Whereas the use of coal (the most polluting of the three fossil fuels) is declining in many countries, it is rapidly expanding in China. Permits, construction starts and new project announcements on coal-fired power plants all accelerated dramatically in China last year with new permits reaching the highest level since 2015. Construction starts on coal-fired power plants in 2022 were six times larger in China than in the rest of the world put together.
Indeed, the Chinese started the construction of 50 GW of coal power capacity last year, a more than 50% increase vs. the year before. Many of the new projects had their permits fast-tracked and moved to construction in a matter of months. A total of 106 GW of new coal power projects were permitted – the equivalent of two large coal-fired power plants every week (source: Centre for Research on Energy and Clean Air).
In the last few years, the Chinese have made a big issue out of coal power plant retirements, arguing that this is an integrated part of plan to become greener. However, that can only be classified as greenwashing of the worst kind. In 2022, Chinese coal power plant retirements totalled 4.1 GW, down from 5.2 GW in 2021. Those numbers should be compared to 106 GW of new permissions issued last year.
I won’t spend much time on the rest of the world, as it largely complies with the UN’s guidelines. Only India should probably get a mention, as the industrial revolution there is a few years behind that of China. Political leaders in India, like in China, have declined to join European and North American commitments to go net zero by 2050, arguing that such a policy would unreasonably constrain the country from raising living standards.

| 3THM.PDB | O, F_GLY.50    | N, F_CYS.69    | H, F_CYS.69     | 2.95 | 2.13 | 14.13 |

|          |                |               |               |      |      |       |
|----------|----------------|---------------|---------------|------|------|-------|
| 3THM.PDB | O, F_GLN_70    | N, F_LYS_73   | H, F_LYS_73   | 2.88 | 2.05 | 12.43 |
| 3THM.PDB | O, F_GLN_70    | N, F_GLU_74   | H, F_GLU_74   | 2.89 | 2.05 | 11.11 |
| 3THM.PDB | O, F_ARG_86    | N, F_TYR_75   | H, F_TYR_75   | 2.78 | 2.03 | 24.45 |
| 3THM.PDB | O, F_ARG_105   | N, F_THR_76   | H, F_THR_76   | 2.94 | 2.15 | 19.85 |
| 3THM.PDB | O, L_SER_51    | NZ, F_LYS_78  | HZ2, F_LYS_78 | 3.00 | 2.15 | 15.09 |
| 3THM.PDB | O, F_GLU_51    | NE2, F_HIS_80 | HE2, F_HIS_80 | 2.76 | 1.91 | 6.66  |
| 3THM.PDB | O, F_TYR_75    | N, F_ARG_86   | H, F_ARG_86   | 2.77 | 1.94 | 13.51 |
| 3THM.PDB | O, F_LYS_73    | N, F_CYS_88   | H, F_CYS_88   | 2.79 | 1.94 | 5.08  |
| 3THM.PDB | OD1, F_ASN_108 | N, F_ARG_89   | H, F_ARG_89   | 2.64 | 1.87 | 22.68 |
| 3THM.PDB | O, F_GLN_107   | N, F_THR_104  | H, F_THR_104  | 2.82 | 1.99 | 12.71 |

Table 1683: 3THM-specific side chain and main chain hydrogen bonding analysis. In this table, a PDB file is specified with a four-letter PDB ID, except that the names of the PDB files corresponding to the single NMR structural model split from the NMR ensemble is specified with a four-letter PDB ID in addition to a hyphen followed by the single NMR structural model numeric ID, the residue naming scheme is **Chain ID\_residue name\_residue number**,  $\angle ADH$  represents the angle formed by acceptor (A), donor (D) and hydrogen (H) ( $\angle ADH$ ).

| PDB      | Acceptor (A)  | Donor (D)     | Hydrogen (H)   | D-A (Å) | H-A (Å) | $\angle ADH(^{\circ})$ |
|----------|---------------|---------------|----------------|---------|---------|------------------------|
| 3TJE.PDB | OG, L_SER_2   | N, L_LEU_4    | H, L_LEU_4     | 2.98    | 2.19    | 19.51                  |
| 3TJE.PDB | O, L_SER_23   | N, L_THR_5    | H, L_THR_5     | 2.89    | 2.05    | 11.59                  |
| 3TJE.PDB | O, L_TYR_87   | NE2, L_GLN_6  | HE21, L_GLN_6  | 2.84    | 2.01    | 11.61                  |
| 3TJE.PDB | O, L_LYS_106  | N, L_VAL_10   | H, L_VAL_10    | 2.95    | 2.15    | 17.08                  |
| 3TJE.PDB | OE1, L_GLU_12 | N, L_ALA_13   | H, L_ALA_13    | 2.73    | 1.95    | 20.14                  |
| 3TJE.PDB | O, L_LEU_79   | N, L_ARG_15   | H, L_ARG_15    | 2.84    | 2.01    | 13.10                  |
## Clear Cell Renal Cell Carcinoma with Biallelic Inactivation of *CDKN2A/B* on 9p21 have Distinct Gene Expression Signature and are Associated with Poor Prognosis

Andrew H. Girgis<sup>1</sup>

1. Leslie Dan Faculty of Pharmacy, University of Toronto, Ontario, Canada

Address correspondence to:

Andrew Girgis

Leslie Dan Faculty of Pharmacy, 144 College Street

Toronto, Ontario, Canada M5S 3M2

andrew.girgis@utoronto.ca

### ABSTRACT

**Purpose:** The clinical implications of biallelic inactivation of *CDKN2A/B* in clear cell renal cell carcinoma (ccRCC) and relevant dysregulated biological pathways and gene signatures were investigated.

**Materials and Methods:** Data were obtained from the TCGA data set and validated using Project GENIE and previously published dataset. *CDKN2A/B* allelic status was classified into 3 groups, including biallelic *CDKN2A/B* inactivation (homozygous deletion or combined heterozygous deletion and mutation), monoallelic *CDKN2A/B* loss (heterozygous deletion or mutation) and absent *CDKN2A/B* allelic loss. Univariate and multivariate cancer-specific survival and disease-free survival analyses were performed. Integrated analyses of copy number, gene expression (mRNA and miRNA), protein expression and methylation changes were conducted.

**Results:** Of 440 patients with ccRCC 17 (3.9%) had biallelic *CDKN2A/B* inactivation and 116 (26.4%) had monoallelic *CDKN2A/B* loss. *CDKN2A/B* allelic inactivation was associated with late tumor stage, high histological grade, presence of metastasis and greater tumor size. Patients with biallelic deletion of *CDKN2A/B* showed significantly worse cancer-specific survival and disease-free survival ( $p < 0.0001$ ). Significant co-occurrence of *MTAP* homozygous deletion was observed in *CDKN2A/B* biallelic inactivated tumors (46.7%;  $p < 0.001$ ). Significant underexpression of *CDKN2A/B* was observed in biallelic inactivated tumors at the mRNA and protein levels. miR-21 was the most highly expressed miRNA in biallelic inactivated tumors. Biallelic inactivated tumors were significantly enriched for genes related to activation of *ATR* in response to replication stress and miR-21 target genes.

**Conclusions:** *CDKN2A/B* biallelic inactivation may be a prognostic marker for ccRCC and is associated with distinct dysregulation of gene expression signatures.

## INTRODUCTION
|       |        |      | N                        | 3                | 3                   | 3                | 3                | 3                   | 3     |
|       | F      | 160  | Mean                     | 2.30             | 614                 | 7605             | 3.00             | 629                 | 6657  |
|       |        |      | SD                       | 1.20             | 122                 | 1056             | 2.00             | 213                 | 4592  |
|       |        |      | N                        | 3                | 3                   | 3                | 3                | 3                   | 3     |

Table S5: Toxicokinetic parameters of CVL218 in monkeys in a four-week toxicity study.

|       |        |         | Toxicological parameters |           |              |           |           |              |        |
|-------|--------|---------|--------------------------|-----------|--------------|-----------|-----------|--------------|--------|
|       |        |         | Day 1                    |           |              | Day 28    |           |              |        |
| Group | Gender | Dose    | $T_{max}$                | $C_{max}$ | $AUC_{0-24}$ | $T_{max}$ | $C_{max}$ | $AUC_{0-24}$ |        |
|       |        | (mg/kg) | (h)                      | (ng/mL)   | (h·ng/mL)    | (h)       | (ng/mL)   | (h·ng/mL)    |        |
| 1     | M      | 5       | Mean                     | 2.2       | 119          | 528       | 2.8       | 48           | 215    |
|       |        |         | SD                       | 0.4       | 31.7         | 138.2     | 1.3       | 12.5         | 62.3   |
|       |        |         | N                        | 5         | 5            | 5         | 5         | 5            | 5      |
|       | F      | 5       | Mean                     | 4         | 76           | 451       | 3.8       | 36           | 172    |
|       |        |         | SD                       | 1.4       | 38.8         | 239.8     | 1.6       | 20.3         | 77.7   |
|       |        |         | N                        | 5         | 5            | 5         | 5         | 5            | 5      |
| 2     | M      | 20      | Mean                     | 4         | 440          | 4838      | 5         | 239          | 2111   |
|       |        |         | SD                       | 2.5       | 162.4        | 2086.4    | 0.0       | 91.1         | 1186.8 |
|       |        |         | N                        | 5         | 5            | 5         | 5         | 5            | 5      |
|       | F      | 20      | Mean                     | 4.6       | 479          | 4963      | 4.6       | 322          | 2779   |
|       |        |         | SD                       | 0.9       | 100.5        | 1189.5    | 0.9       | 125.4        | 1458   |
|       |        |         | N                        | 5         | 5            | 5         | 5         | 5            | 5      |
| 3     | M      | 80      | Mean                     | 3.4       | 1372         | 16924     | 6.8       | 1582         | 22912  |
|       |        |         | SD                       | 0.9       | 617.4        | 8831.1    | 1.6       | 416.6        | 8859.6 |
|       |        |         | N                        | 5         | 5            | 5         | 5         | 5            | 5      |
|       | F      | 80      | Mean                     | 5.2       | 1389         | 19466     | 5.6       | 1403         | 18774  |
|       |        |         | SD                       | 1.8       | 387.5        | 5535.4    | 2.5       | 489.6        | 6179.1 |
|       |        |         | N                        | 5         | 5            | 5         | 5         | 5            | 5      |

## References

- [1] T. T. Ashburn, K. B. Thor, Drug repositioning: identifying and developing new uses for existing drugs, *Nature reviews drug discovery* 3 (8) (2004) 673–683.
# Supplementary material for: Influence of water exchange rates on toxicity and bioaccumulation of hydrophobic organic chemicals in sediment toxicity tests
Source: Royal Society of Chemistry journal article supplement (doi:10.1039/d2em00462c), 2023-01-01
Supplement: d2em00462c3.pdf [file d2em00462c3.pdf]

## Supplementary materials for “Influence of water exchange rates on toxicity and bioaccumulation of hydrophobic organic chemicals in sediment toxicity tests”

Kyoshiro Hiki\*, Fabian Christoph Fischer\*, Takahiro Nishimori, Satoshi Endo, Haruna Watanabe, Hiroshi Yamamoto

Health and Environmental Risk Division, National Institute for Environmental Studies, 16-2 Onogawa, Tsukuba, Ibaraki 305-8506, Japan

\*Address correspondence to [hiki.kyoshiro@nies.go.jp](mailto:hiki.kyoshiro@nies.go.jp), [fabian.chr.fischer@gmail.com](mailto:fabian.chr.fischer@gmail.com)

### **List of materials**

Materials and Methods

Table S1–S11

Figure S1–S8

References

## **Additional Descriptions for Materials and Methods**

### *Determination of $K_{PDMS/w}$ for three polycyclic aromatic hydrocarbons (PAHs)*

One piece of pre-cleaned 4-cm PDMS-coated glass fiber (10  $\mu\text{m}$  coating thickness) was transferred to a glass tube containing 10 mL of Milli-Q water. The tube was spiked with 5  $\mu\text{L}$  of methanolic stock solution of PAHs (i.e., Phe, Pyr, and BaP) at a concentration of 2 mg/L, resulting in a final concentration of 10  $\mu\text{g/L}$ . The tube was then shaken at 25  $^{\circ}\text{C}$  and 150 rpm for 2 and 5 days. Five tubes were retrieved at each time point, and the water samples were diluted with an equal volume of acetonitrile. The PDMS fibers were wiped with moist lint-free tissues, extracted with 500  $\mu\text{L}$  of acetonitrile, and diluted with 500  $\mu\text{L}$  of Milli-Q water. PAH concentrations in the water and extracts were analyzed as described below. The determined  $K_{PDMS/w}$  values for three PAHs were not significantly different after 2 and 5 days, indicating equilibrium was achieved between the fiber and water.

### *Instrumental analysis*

Mostly for that reason, I think the climate crisis will get a great deal worse, before it stands any chance of easing. It may not yet be too late to save the planet from the apocalypse projected by many, but it is a very close call. If the Chinese and, after them, the Indians continue to use fossil fuels in large quantities, by the time they realise they shouldn’t have done so, it will almost certainly be too late for everyone.
That said, it is worth pointing out that China and India are not the main culprits of the current climate crisis. Rather, they are the straw about to break the camel’s back. Europe and North America, more than anyone, have emitted vast amounts of CO2 since the early days of the industrial revolution, i.e. for more than 250 years, and current climate problems are the result of cumulative CO2 emissions since then – not the result of what China and India are up to right now.
What to expect this year and next
With the arrival of El Niño, certain things are likely to happen (source: Leeds University). First and foremost, the +1.5°C degree cap set by the UN could be exceeded for the very first time. We are already 1.2-1.3°C above pre-industrial temperature levels, and the average El Niño raises the mean temperature on Earth by 0.2°C. If this El Niño turns out to be above average in strength (all El Niños are not equally powerful), the average temperature could rise by 0.3°C or 0.4°C, in which case we will exceed +1.5°C for the first time ever.
This will most likely create a great deal of panic in the political corridors around the world, which could drive various political leaders to gear up their combat against climate change. Stocks positively exposed to the green transition will probably respond in kind but more on that below.
Australia is likely to be greatly affected by El Niño, as it always is. Australia has ‘enjoyed’ three years of La Niña conditions. That brought plenty of rain and severe flooding to many parts of the country. With El Niño returning, the rain and floods will be replaced by drought, excessive heat and increased fire risk.
Another problem in El Niño years is that the Amazon rainforest becomes drier; thus, the vegetation growth slows. This has the effect of reducing the uptake of CO2 all over South America, which will send the alarm bells ringing around the world. Europe will also be affected. El Niño almost always lead to drier and colder winters in Northern Europe, while the winters in Southern Europe tend to be warmer but wetter.